Okay, so really my thirteenth year began a few months ago. Like an errant post (i.e., all of them), this nine-year writing-about-music project has bloated to more than twelve.
It’s jubilee time.
It’s been three and a half years since I paused to reflect; and while lateness, like verbosity, has become something of a hallmark of this blog—reflections started coming late as early as the fourth year—a forty-month year is a noteworthy dilation, quite a bit longer than I expected when I put “year” in scare quotes in my meta-post at the end of year eight.* But as I have previously rationalized, balance must be maintained between production and reflection; otherwise there is precious little to reflect upon, and Helldriver begins to sound like Henry James at his molar-grinding worst. (If only!) I have also flogged myself to exhaustion about lapses in productivity and excesses of verbosity; eventually, one has to learn to live with one’s monsters, as I believe Eugene O’Neill put it; or perhaps better, with the monster that one is. (But must one force others to live with it, too? Yeesh.) Anyway, this forty-month closing “year” has welcomed ten new posts, about a variety of topics and genres, in a variety of forms and lengths. Unlike James, I have a goodly amount to chew over, which should keep me busy stuffing my face for a few thousand words, at least.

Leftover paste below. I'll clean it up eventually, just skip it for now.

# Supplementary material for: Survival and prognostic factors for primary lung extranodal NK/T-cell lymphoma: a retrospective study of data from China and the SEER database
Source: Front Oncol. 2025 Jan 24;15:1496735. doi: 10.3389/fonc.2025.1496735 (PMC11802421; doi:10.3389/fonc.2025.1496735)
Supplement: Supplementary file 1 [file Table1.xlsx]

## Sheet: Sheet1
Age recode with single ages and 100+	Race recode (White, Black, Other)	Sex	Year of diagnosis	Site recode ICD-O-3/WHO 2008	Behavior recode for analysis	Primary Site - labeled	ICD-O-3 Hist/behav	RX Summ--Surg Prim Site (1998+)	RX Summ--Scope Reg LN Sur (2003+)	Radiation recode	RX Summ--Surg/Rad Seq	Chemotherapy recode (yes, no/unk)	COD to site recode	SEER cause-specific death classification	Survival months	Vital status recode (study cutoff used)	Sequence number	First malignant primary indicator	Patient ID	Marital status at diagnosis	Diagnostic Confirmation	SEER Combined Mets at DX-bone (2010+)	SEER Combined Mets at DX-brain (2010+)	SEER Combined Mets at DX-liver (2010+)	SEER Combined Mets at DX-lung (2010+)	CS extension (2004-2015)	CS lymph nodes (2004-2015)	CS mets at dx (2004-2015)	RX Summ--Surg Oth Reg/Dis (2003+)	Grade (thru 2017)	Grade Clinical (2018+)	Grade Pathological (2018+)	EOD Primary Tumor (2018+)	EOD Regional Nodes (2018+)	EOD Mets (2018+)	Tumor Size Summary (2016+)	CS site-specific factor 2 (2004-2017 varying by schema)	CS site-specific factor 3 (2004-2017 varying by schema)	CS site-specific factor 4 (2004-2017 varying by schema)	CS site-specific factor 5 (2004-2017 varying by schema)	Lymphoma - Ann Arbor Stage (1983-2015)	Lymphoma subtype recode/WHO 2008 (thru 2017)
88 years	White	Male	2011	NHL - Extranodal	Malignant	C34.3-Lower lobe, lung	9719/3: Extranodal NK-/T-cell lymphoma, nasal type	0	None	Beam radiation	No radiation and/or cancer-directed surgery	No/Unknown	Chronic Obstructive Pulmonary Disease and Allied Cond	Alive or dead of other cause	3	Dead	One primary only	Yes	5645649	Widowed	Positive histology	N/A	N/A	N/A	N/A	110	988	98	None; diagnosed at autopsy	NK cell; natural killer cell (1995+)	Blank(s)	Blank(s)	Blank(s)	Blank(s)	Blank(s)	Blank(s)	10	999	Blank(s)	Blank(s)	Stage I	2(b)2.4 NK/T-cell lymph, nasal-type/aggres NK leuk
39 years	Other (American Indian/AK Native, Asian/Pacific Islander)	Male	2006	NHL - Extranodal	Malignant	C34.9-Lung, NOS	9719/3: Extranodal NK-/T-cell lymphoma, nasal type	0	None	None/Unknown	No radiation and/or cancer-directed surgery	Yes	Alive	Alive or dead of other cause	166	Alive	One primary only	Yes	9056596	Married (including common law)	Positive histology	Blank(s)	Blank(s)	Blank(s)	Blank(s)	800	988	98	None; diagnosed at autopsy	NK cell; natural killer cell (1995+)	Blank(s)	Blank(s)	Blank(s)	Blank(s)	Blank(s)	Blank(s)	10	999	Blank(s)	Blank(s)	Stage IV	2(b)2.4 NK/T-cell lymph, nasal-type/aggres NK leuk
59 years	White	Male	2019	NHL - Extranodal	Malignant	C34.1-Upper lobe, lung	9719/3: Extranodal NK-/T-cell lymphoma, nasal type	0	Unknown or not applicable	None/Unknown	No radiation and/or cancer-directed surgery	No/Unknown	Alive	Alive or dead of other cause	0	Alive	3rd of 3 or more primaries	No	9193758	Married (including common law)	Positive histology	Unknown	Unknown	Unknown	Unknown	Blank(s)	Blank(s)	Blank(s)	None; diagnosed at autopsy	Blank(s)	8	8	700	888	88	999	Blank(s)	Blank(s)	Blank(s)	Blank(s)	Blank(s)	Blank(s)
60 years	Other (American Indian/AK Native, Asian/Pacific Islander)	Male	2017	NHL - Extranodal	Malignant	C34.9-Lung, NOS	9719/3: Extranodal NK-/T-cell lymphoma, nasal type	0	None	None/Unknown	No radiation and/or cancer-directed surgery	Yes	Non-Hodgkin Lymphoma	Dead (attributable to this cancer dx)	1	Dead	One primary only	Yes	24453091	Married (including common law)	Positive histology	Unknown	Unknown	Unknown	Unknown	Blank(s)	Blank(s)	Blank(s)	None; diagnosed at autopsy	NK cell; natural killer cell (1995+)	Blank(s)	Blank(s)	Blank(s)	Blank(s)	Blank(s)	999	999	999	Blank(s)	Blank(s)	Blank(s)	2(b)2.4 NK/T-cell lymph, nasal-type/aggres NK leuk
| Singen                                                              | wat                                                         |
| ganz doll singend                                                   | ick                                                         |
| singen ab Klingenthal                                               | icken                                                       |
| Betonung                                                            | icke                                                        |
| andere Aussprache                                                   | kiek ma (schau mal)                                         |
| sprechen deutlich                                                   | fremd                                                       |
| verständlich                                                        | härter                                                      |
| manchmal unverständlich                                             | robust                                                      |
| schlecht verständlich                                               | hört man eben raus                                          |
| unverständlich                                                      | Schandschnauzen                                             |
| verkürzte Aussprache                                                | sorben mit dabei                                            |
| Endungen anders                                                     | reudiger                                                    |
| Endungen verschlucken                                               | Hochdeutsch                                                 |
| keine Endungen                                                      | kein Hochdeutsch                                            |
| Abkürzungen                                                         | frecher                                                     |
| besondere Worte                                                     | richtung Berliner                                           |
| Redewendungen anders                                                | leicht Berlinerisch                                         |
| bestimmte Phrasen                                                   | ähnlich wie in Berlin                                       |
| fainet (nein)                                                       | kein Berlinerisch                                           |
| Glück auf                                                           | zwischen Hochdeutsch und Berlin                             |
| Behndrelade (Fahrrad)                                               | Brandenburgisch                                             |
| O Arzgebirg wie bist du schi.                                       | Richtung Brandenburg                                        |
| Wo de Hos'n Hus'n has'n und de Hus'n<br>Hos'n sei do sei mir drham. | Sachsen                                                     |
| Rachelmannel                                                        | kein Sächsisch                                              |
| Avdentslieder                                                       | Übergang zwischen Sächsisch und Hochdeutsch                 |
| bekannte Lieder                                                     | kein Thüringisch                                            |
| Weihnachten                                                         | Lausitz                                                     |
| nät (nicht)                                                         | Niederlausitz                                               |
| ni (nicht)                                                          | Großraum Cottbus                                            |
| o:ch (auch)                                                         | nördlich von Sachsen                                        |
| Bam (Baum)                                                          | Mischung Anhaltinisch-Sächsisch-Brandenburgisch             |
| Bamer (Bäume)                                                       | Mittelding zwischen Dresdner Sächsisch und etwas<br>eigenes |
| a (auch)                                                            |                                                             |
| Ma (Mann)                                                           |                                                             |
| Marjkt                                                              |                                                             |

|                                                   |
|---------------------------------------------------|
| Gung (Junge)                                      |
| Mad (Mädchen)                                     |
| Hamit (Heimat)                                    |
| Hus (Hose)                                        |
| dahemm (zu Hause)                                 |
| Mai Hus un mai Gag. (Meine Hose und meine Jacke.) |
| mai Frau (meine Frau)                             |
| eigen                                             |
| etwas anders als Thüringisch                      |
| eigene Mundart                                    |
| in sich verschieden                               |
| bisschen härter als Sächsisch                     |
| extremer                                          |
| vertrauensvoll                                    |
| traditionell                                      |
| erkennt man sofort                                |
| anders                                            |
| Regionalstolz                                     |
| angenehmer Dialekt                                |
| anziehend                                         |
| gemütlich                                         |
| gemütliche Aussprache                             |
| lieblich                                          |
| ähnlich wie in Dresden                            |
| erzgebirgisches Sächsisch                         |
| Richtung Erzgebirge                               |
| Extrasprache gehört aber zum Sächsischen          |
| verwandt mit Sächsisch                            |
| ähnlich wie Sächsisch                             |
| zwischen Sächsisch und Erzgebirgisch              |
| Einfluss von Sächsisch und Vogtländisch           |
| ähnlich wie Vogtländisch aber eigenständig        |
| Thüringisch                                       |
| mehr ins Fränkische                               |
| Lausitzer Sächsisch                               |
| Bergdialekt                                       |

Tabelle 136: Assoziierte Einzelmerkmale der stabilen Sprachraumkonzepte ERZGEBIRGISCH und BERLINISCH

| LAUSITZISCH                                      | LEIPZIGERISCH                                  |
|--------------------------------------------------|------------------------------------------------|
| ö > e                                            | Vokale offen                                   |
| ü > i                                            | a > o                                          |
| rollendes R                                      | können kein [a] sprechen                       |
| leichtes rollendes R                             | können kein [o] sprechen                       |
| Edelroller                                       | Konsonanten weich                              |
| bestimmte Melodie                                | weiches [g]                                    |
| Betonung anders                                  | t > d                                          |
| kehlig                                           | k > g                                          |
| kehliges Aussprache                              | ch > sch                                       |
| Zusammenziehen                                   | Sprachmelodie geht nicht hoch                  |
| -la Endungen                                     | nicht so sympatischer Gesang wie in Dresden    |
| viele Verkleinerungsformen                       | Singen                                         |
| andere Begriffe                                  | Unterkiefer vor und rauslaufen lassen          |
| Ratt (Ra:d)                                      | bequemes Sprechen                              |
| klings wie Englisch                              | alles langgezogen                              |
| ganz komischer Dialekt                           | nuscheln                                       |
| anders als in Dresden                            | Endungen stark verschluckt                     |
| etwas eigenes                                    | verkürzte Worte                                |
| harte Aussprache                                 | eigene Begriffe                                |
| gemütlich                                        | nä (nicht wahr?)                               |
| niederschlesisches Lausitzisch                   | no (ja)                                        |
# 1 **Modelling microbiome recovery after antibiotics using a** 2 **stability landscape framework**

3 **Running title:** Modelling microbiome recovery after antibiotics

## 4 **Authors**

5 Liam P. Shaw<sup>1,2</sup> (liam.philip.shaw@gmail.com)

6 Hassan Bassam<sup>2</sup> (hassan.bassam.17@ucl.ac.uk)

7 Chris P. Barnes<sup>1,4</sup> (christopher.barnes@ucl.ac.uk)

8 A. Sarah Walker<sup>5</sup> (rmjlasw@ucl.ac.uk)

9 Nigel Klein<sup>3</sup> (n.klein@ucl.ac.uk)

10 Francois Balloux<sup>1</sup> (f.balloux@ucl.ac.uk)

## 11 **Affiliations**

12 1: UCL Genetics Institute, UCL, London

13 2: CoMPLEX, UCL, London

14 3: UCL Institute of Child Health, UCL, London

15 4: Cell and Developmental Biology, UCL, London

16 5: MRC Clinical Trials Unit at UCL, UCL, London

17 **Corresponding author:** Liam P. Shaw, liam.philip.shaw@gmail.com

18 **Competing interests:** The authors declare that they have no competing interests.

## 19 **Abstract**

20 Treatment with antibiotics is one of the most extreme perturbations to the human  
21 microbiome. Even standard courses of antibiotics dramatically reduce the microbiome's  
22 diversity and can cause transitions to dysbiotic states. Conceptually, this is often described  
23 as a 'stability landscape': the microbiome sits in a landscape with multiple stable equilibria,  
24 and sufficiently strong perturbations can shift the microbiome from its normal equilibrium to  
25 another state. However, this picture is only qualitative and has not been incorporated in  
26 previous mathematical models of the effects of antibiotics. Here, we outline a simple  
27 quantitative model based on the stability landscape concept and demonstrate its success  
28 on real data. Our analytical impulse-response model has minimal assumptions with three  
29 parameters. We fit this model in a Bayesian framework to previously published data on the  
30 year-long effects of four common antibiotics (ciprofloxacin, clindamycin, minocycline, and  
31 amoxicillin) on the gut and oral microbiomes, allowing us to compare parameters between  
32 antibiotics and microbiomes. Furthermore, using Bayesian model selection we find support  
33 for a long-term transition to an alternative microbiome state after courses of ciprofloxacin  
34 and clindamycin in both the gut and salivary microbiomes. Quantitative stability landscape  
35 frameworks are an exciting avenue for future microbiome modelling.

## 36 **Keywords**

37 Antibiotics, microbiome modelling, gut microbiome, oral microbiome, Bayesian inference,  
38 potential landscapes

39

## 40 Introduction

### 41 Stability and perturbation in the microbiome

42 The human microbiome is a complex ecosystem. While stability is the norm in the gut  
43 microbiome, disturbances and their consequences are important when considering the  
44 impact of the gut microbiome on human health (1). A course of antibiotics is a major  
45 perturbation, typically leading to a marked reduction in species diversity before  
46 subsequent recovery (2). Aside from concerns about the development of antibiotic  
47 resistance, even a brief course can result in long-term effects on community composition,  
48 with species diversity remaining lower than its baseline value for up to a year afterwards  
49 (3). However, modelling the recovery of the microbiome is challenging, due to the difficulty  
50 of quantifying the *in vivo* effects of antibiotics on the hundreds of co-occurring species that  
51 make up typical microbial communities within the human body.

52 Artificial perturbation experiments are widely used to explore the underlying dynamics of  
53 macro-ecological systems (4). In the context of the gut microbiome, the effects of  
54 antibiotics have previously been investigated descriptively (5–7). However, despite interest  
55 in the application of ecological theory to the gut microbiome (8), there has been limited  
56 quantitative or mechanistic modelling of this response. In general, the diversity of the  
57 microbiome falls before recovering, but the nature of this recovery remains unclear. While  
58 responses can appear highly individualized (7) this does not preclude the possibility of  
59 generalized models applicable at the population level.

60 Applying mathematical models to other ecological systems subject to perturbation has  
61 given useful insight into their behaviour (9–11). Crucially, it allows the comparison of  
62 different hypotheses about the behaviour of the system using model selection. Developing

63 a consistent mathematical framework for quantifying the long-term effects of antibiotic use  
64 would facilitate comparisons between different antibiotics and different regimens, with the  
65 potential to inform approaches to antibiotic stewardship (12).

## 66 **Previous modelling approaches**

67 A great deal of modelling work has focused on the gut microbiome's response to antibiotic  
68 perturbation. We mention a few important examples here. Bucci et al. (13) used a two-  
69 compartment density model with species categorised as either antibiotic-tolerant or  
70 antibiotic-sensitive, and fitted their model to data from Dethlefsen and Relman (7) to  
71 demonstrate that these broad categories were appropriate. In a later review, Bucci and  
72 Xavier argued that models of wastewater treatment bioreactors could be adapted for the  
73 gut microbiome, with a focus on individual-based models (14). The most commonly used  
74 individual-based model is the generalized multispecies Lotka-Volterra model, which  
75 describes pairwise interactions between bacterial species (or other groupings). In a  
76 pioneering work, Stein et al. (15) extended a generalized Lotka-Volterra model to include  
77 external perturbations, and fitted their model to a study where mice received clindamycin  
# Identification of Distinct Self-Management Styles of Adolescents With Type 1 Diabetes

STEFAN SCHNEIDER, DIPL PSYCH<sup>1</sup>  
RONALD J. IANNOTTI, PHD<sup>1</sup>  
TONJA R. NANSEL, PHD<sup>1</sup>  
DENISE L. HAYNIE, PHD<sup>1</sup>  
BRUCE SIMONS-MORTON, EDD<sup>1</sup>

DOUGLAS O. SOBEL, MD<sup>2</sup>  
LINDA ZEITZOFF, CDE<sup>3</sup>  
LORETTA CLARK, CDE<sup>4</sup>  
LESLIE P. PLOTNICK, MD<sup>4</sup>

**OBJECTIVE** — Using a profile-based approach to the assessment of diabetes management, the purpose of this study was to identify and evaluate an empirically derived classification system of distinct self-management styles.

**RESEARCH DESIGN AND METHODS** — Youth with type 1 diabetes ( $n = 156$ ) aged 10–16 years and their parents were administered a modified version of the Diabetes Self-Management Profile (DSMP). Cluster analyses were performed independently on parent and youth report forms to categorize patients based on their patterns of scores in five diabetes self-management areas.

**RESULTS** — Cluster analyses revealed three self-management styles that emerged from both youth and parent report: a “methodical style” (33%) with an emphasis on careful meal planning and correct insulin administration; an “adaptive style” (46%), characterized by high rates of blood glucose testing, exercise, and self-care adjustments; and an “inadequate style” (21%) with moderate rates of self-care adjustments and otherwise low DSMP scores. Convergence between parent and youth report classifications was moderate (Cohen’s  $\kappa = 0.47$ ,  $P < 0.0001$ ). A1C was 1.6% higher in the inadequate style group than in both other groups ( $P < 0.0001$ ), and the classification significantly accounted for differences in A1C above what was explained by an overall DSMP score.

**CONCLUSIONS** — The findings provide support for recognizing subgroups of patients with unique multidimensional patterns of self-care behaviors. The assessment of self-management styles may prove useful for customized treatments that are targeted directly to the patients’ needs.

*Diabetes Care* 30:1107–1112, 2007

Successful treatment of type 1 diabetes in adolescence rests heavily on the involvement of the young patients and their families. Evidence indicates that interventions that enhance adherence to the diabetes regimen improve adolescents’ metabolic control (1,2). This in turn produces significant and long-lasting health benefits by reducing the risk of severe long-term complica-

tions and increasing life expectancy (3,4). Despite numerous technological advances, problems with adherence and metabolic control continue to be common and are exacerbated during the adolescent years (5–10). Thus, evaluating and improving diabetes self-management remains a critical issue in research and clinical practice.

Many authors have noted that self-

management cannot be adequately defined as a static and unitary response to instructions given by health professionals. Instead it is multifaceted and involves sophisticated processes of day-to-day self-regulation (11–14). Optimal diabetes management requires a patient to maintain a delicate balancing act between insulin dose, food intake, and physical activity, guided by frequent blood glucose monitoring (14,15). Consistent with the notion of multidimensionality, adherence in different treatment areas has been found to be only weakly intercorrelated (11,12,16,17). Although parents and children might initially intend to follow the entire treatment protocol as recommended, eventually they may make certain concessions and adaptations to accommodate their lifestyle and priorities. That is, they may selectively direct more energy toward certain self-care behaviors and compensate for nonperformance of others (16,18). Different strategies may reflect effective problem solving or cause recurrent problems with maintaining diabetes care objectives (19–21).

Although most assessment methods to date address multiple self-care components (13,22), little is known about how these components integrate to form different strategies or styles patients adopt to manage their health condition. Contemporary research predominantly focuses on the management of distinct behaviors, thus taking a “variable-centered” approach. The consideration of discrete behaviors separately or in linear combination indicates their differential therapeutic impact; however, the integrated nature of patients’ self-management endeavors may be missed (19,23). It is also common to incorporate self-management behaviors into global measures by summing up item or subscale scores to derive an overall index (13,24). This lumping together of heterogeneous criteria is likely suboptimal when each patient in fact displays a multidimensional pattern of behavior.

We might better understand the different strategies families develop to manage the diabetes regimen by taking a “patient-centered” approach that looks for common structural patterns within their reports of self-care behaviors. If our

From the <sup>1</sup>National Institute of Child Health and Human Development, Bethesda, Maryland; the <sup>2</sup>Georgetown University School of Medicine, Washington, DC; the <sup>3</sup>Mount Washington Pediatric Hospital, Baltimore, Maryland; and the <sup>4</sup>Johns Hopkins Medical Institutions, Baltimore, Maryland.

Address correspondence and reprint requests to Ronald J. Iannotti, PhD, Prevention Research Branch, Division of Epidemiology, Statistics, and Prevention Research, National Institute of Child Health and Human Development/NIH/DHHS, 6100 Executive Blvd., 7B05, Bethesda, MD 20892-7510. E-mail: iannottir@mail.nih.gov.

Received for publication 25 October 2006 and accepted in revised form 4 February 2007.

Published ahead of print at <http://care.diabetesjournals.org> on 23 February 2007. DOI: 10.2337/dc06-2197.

However, as the above throat-cutting—sorry, clearing—suggests, I am doing more than just taking stock of a year’s (or three and a half years’) worth of writing; I am also looking back over the life of the blog as a whole—twelve years, 104 music posts—with an eye toward closing up shop.
Closing up shop? Is this the end? Am I pushing the shiny red button? Well, no. Not exactly. I’ll still occasionally post thoughts about music as they occur to me, if they seem worth sharing. I may even load up a couple of music-themed stories that, for whatever reason—length, abrasiveness, some weakness I can’t or won’t see—no editor has yet deigned to touch. I hope to develop the Charnel House page, probably with brief notes about cinema and literature, again as they occur to me, and whenever I can make the time. Finally, I’m going to keep updating the publications widget in the sidebar (“Brood”) as new stories and essays appear in print or online. The Pit Stop is, after all, for better or for worse, quite possibly for worse, no, quite definitely for the worse, very much for worse, very very very very much for worse, for the worst, for the worst of the worst, what passes for my web presence, my brand, which apparently every author needs today to affirm their substance, currency, and significance, together with constantly-updated social media accounts and mulch piles of broken transistor radios. So, no, I mean yes, this blog will continue crawling along on its stumps, even as the “Material/Music” page mostly ceases to accumulate new posts, and begins to resemble a disheveled e-book.**